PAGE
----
One of the distinct pleasures of a visit to Italy is the shopping – and even if your budget doesn’t include coming home with a new Versace handbag or pair of Prada shoes, you can still bring something home from the spoils of outdoor markets like the ones in Florence. What’s more: depending on which market you visit, you can pick up goodies for the kitchen, your closet, or a any other room in the house.
Some of Florence’s best markets are outdoors, even in inclement weather, but others are indoors or at least under a roof for some protection from the elements. The three best-known markets in Florence are listed first, followed by a few more you might want to add to your itinerary.
Florence’s Central Market is right in the historic center of the city (hence the name), and primarily indoors. The indoor portion of the market is an incredible food market, where you can buy whatever you might need to stock your Florentine pantry – as well as grab a delicious snack to fortify your wanderings. Some complain that the market has grown more touristy over the years, but you’ll still find great food vendors and inexpensive places to get a meal inside the market. It’s worth a stop even if you don’t have a fridge to fill. Open seven days a week, hours vary depending on the day.
San Lorenzo – Leather Market
Much of Tuscany is well-known for its leather production, and while there are other things for sale in the San Lorenzo street market, it predominantly offers leather goods. This is the outdoor portion of the Mercato Centrale (the other name for the Mercato Centrale is the San Lorenzo market, and the leather street market is right outside the food market building). Most of the leather vendors have actual storefronts, sometimes very nearby, so be aware that if you’re trying to buy something like a jacket you’ll likely be led back to the shop where there are more sizes available (and salespeople who press harder). Be sure to bring your bargaining skills and to keep a close eye on your purses and wallets. This market, particularly when it’s crowded, can be a pickpocket’s haven. Open seven days a week most of the year; closed on Mondays from November-February.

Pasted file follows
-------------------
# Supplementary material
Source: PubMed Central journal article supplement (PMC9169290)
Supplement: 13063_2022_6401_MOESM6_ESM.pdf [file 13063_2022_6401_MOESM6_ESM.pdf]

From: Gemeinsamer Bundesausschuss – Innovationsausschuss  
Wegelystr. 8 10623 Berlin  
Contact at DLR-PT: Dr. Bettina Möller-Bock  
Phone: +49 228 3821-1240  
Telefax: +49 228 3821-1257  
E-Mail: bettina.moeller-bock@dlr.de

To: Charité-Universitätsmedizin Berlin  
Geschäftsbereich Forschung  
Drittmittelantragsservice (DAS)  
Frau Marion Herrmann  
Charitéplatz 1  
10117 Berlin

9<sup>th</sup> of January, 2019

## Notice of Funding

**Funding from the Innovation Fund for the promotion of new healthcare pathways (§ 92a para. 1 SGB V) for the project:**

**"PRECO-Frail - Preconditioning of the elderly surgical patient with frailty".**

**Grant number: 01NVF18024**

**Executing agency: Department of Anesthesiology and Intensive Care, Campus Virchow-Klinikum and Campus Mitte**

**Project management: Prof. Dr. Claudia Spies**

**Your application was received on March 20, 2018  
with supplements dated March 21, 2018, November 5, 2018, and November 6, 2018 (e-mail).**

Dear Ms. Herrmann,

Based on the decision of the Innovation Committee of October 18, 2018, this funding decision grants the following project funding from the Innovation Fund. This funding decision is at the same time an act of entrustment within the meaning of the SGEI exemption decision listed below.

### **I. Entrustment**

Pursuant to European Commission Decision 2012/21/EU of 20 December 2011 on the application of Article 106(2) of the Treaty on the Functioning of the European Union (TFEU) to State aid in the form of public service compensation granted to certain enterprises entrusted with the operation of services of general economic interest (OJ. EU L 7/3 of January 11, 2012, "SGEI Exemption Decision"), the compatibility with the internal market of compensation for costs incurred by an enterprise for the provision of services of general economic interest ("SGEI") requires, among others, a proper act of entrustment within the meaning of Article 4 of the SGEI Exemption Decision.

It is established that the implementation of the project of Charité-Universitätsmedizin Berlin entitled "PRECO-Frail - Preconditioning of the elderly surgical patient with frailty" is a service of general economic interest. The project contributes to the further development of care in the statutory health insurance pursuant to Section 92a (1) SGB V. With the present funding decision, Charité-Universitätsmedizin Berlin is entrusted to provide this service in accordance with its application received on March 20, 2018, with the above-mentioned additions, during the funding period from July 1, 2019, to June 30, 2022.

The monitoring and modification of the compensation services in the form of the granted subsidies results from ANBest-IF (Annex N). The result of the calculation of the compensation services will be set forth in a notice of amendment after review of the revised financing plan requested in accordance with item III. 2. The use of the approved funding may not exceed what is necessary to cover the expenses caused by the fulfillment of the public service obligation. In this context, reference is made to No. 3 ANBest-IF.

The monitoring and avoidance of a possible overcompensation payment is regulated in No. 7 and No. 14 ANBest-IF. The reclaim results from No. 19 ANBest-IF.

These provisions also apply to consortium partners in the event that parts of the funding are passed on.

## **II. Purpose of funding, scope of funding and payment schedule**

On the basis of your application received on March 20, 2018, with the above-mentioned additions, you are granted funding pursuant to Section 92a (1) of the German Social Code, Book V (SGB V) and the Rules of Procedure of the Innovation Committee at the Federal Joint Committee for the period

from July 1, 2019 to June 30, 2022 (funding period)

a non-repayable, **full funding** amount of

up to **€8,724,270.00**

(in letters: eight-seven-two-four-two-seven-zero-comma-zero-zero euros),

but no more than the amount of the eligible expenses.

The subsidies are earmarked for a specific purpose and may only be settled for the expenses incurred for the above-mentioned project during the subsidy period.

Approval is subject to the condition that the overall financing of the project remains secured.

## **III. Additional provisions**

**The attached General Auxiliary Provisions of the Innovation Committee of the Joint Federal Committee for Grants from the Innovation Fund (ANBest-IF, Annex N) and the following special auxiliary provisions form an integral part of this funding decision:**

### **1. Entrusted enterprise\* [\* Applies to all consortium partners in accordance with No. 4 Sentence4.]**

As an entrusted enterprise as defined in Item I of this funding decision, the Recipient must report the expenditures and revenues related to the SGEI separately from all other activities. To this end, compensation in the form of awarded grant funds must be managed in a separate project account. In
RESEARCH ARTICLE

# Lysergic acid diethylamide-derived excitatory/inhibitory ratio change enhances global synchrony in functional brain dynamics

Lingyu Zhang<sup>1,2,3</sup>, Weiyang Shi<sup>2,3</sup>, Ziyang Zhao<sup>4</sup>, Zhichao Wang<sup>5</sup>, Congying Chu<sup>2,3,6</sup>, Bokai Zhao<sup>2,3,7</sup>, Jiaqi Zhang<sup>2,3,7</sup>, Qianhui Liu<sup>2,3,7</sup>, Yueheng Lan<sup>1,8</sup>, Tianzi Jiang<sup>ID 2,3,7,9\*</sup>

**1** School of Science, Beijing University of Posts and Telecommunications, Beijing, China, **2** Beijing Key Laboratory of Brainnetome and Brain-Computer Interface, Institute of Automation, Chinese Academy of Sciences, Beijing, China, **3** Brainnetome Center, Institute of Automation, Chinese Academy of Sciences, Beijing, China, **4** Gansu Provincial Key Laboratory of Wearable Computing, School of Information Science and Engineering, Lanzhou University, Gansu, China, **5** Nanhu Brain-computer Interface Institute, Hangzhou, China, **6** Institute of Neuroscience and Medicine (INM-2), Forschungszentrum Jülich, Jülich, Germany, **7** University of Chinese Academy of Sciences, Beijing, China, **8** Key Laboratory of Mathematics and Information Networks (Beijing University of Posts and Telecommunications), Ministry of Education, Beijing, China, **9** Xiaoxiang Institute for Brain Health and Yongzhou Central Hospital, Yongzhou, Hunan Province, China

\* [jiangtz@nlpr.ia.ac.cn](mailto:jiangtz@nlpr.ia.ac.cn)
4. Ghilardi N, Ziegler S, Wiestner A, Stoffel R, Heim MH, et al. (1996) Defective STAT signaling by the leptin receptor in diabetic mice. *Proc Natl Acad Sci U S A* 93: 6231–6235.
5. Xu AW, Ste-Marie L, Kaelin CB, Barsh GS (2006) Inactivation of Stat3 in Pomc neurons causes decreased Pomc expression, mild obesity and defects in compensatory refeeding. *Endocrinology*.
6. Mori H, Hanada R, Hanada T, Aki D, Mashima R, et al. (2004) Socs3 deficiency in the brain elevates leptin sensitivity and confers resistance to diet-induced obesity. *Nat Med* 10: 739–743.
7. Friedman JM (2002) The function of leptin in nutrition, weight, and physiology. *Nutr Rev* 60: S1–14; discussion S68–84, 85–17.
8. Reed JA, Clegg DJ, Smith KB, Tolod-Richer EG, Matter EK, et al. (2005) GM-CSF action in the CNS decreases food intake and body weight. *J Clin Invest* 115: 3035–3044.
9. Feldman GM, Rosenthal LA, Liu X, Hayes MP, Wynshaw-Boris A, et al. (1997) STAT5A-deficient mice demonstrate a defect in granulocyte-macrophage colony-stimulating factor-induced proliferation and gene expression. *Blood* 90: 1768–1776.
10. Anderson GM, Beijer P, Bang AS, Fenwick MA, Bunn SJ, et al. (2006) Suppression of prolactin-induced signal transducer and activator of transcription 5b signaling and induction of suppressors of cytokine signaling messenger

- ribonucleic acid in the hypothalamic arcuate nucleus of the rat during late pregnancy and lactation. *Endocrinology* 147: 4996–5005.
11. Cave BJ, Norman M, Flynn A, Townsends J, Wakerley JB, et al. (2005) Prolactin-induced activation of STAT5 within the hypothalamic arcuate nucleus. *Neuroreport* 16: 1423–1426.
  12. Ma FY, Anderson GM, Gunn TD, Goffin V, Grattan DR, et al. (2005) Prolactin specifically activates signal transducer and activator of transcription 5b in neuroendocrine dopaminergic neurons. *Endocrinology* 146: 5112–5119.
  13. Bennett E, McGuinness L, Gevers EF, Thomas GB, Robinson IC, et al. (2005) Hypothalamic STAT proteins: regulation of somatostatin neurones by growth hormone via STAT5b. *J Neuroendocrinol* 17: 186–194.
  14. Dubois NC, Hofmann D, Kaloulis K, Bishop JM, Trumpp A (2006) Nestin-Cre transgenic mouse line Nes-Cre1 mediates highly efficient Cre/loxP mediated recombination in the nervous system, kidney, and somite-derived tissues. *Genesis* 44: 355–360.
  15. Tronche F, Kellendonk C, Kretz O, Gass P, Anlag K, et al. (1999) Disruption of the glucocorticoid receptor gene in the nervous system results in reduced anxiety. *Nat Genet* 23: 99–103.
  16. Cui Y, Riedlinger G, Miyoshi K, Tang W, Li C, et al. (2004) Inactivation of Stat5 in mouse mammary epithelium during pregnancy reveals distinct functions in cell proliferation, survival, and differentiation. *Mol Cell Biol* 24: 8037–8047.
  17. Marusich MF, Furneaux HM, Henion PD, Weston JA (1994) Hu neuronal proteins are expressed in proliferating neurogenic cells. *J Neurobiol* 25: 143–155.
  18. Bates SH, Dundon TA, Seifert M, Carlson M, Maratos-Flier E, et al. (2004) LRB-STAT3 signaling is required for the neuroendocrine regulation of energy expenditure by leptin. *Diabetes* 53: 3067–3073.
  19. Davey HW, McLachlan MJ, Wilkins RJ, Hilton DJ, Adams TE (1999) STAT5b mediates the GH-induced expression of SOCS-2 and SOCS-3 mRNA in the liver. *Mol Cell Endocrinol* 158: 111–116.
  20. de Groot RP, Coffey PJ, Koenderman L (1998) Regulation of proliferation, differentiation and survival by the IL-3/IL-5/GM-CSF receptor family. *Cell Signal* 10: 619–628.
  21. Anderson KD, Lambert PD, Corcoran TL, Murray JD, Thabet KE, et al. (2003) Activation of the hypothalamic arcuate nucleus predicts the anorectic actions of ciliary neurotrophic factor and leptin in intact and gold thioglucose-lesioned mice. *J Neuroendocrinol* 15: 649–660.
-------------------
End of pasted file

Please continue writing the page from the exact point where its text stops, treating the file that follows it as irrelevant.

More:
Mercato Nuovo – “Straw Market”
This covered piazza is an historic market square, called the “Straw Market” for hundreds of years and now also called the “New Market.” This is another market selling mostly leather goods, although some straw hats and other knick-knacks are also on offer. Of note is the large bronze statue of the pig at one side of the market. Legend says it’s good luck to rub the pig’s snout, which is why – as you’ll see – it’s really the only shiny part of the statue. Open seven days a week most of the year; closed Sundays and Mondays from November-February.
Piazza Ghiberti – Farmer’s Market
Should you find the Mercato Centrale too crowded with tourists for your liking, you might try this food market in the Piazza Ghiberti. This is an excellent option for picking up the makings of a picnic lunch. Open Monday-Saturday.
Piazza Santo Spirito – Antiques Market
There’s nothing quite like shopping for antiques in a country where the local history dates back thousands of years – but be warned, not everything you’ll find in this antiques market is the real McCoy. Open the second Sunday of each month.
Piazza dei Ciompi – Flea Market
This square transforms into a flea market (Mercato delle Pulci) on a daily basis, and – like most flea markets – requires patience to sift treasures from the junk. Open daily (closed Sunday-Monday in winter).
Parco delle Cascine – Florence’s Largest Market
Outside the city walls, the Cascine market sets up shop once a week and the variety of what’s for sale can be a bit startling (in a fun way). Open on Tuesdays.